Wed. Dec 7th, 2022
Just a few more revolutions until that next Powerful Gear.
enlarge / Just a few more revolutions until that next Powerful Gear.

Bungie / Getty / Aurich

Lot 2 is not the game the fans want it to be. That’s not apparent from the game’s design, which seems to tick every box a fan of the original would want. But a quick spin on the internet shows just how much the sequel falls short of many players’ expectations.

Take this thread of 390 comments on the condition of Lot 2, for example. It reads like the pre-apocalyptic screed you’d find on a wall in any number of years. other video games. It got so bad Bungie had to interrupt his Curse of Osiris PR plans to address the complaints. And now that Curse of Osiris off, the fan response doesn’t get any better.

That’s a shame because Lot 2 is an absolutely solid first-person shooter, taken in the vein of Bungie’s own previous games. In 40 or 50 hours you could go through every story mission, strike, raid and a fair amount of competitive multiplayer. That’s a decent amount of content, especially when compared to many other first-person shooters, and Lot 2‘s best-in-class action is enough to pass those hours pleasantly.

The problem is when you reach the endgame. That is, there really isn’t much of it. Lot 2The design encourages those 40 to 50 hours to become hundreds as you grind to reach the level cap by completing Nightfall attacks and the all-important heist. But once you’ve beaten that raid — or put your blood on your forehead to organize and give up six dedicated players to the right level — there’s only the same old competitive multiplayer content to fall back on.

Time doesn’t heal all wounds

This was also the case in the first Destiny, which was developed in what already feels like a completely different era. The first game’s reveal trailer referred to a product that players would spend 50 to 100 hours with, not something they would make their long-standing hobby of. However, in the years since that launch, Bungie has been able to see exactly how players are now obsessed with shooters like Destiny-and overwatch, Rainbow Six: Siege, battlefieldsetc. – often to the exclusion of other games.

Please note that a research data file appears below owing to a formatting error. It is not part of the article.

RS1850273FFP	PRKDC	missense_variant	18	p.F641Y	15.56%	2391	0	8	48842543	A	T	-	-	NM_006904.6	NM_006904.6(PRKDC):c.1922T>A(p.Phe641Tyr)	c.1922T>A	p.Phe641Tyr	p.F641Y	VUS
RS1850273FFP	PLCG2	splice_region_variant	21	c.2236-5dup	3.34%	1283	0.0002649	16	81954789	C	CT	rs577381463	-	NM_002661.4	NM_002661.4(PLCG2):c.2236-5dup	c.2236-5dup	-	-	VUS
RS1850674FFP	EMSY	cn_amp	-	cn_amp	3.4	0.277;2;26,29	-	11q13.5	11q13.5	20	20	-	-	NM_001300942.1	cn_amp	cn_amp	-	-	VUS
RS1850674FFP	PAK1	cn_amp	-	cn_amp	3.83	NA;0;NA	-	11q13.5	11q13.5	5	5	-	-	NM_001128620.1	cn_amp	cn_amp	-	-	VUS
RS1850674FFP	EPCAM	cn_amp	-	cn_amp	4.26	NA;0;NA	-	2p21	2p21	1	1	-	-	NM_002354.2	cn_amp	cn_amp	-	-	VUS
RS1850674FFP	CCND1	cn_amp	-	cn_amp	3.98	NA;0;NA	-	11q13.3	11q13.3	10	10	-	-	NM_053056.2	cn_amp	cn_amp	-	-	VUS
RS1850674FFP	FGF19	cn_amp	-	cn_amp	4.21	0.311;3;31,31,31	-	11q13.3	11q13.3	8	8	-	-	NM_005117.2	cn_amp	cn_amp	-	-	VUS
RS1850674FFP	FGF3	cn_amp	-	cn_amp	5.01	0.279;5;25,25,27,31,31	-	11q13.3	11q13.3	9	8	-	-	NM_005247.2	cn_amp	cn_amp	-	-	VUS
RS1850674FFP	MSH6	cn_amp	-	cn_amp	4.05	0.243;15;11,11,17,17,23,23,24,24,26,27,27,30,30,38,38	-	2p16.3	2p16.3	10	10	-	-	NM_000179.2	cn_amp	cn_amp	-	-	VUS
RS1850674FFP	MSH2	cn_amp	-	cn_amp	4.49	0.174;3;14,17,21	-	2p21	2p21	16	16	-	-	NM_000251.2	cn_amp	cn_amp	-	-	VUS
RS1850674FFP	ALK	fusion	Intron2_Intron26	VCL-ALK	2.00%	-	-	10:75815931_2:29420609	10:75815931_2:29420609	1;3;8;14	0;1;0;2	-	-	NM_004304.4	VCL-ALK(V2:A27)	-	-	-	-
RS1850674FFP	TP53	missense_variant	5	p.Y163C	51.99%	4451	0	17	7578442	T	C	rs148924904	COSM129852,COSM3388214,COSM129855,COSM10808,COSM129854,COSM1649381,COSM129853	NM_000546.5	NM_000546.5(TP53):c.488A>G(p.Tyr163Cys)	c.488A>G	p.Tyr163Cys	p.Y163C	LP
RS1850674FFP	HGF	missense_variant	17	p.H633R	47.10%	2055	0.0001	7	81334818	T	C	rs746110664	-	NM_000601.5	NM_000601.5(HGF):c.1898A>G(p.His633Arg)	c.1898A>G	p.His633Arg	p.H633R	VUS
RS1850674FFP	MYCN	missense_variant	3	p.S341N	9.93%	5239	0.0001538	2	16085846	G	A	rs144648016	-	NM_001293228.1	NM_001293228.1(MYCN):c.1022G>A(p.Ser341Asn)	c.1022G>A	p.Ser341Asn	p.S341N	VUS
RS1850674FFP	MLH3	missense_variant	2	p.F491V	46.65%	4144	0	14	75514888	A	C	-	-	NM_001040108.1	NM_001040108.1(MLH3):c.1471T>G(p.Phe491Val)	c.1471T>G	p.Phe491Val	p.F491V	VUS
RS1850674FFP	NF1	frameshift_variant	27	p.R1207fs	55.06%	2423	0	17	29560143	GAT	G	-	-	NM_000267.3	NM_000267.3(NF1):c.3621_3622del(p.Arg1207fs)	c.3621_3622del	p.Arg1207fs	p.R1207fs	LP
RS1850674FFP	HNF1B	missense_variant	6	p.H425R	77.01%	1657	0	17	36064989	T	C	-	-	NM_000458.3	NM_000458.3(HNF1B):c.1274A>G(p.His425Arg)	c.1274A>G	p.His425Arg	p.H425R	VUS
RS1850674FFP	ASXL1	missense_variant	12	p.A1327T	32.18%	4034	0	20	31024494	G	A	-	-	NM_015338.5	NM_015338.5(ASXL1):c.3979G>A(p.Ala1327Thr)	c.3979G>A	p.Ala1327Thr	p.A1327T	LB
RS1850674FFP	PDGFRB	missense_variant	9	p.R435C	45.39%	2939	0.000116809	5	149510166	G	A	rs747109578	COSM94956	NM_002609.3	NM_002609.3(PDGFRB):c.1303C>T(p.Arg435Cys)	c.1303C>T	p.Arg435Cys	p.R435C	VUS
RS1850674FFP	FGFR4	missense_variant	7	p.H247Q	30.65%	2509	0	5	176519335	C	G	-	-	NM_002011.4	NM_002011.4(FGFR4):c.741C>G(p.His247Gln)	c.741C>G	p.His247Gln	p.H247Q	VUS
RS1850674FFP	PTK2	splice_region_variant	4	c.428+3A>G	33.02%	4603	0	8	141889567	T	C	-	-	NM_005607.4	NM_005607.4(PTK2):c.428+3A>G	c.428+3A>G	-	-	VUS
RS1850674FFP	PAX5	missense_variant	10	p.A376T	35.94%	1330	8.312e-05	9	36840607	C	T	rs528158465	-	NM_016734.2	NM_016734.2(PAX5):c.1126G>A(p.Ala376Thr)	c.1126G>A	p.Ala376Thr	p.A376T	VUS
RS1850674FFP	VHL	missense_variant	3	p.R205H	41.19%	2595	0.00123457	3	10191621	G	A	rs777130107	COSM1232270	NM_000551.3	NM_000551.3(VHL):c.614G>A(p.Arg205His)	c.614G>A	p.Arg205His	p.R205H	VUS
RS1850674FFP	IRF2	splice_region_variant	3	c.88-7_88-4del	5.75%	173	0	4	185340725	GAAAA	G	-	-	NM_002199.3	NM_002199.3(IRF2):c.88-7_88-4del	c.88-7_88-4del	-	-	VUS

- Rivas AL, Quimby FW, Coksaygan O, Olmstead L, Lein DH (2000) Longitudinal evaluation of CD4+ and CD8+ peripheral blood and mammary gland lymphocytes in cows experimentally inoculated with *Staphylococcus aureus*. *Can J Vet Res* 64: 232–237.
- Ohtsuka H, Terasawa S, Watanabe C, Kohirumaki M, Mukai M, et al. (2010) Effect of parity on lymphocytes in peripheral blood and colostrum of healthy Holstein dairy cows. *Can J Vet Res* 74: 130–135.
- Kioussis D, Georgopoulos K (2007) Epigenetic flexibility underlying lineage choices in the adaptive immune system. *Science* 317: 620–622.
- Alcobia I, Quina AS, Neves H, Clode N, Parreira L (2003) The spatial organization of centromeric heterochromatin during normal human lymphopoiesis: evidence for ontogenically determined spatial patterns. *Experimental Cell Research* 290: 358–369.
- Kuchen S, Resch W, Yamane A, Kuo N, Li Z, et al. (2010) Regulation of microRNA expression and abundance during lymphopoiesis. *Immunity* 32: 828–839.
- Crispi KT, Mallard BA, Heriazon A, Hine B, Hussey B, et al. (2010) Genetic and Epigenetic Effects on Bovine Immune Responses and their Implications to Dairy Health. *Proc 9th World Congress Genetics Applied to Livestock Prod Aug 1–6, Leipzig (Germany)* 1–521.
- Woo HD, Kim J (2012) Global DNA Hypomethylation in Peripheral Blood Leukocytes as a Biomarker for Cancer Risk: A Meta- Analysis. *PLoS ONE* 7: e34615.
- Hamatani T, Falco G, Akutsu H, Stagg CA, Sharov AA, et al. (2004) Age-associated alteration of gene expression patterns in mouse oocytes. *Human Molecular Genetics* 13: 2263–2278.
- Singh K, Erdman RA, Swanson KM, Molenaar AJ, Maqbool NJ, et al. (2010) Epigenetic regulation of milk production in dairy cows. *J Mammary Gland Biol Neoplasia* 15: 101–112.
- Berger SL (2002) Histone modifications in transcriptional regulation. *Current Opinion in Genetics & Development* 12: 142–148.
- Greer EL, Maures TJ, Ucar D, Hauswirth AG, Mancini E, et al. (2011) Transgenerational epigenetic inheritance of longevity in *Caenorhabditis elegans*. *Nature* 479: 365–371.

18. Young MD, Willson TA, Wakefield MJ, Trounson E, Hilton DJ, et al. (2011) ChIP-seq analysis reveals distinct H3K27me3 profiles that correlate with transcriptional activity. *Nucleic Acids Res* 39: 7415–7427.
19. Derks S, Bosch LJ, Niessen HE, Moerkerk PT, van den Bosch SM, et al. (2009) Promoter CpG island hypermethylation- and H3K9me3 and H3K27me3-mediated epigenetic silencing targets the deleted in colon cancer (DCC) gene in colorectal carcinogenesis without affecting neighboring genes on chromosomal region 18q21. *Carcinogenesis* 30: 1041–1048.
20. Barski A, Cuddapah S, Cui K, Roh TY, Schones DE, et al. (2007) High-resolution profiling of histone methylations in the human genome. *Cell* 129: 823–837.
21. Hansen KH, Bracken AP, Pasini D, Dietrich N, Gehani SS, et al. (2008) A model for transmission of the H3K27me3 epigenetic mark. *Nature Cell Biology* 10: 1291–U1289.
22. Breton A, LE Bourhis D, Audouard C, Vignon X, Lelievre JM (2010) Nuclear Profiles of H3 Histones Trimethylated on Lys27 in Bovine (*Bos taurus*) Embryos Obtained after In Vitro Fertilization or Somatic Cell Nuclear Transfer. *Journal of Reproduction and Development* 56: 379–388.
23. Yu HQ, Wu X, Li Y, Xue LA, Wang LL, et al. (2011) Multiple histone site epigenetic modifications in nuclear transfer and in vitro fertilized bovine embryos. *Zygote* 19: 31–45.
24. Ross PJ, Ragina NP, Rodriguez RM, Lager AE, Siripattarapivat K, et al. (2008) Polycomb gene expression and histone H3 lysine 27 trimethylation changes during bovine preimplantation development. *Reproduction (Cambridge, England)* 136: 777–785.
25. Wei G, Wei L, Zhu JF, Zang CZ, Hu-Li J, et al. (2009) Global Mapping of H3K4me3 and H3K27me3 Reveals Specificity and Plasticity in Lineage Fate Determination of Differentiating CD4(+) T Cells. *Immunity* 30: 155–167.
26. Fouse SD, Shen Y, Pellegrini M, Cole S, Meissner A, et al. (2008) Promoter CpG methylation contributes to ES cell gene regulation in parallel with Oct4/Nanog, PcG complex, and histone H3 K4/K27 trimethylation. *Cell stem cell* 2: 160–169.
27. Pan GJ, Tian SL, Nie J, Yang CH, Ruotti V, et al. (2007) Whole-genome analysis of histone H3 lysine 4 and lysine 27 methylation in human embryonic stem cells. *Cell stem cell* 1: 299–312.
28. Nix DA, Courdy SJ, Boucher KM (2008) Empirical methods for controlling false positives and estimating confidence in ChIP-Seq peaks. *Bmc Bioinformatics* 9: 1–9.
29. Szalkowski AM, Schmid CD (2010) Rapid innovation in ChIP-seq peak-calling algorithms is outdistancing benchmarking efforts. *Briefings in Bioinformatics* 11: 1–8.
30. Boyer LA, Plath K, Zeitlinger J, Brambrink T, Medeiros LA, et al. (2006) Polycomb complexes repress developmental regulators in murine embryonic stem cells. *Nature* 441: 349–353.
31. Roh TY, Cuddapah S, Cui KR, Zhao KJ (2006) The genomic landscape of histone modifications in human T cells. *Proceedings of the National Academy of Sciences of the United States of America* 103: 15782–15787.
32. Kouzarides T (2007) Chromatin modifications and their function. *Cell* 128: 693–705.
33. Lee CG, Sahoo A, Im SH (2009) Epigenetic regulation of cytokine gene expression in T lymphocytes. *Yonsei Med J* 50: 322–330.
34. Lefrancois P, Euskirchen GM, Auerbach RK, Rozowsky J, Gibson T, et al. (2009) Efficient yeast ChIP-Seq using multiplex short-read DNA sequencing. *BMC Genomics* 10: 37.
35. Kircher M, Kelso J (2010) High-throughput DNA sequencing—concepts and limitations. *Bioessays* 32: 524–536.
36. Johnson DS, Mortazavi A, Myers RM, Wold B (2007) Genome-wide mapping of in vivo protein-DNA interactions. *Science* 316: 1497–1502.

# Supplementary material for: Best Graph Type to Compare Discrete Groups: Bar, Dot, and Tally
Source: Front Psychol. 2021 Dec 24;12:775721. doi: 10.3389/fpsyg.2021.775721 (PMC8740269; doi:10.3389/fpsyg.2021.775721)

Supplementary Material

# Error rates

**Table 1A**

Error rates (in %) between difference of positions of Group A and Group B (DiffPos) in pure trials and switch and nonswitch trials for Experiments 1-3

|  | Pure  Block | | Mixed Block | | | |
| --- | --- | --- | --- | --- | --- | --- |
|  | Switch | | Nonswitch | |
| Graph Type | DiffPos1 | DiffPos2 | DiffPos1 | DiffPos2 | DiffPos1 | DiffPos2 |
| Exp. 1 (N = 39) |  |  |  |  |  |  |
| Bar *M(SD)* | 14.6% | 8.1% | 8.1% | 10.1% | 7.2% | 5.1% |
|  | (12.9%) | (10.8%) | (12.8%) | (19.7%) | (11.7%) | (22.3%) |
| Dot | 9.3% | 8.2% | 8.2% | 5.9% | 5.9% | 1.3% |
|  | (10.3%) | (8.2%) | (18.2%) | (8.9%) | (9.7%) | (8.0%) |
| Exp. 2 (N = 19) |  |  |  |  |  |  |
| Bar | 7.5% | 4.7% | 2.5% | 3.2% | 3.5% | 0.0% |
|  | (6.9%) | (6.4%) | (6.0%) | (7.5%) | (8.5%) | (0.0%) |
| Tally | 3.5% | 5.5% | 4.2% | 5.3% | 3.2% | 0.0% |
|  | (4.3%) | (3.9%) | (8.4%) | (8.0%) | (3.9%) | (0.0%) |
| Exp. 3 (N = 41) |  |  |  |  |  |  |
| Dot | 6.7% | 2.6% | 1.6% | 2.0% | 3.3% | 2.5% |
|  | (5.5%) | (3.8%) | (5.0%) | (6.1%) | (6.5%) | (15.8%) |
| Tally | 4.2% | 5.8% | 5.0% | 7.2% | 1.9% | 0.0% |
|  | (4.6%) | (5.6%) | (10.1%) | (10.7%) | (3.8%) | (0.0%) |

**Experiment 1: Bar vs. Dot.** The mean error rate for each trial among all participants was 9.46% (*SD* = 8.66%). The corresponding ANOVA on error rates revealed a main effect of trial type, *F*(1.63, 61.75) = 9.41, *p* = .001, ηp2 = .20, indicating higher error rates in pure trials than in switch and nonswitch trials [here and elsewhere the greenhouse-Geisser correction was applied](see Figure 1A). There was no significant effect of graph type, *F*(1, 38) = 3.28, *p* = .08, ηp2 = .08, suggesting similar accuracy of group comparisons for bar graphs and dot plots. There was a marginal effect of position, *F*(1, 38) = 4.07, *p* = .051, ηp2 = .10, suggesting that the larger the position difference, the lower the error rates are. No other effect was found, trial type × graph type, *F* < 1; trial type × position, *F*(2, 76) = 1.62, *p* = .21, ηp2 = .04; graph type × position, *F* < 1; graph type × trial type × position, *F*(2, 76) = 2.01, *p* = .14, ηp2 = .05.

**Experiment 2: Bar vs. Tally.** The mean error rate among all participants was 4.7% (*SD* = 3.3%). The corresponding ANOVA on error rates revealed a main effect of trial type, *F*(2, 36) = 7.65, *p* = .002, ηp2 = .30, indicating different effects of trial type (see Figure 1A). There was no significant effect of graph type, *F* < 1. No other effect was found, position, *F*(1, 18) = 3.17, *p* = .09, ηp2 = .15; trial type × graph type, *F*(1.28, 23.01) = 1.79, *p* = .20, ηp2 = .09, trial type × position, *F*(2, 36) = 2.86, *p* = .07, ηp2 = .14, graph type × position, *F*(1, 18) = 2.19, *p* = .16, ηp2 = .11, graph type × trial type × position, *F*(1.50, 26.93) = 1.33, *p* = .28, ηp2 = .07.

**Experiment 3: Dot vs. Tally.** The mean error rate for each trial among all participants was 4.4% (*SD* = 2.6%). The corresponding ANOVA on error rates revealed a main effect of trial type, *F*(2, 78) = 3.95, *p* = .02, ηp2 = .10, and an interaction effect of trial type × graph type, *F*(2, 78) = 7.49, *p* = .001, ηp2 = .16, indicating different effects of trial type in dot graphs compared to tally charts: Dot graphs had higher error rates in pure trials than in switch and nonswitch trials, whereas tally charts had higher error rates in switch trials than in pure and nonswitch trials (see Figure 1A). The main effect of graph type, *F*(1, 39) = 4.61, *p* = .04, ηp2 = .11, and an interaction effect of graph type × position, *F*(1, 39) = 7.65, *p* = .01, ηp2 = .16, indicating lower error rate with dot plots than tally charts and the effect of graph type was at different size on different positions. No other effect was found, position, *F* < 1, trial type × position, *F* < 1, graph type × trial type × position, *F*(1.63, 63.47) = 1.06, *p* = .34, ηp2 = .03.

If something, Lot 2 is now very welcoming to new, more casual players, throwing away multiple pieces of exotic gear – one of DestinyThe Biggest Endgame Draws – Just to Play part of the main story. Other loot from mid-game activities, such as public events, flows freely to some degree. But reaching raid readiness is capped behind “Powerful Gear”, which can only be earned once a week in limited amounts.

Imagine this tunnel going on forever and you have an idea of ​​what players expect from it <em>Destiny 2</em> endgame.” src=”https://cdn.arstechnica.net/wp-content/uploads/2017/12/osiris-640×434.jpg” width=”640″ height=”434″ srcset=”https://cdn .arstechnica.net/wp-content/uploads/2017/12/osiris-1280×868.jpg 2x”/><figcaption class=
enlarge / Imagine this tunnel going on forever and you have an idea of ​​what players expect from the Lot 2 endgame.

It’s a smooth ride for everyone who picks up Lot 2save the solar system and walk away satisfied with their $60 purchase. Anyone who continues playing the game faces the same miserly rut that plagued Destiny in its earliest days and inspired meme-able shortcuts like the Loot Cave. The slope structure of Destiny– from story, to strikes, to Nightfalls, to the heist – is still there in the sequel. It’s just split into two camps with what’s now a very sudden wall between them.

It would be one thing if you saw that steep climb coming. You can prepare for it or bow down and tell yourself that you leave the endgame to the true devotees. But by mimicking so much of the previous game, Lot 2 doesn’t really communicate where that line is drawn – to new or returning players.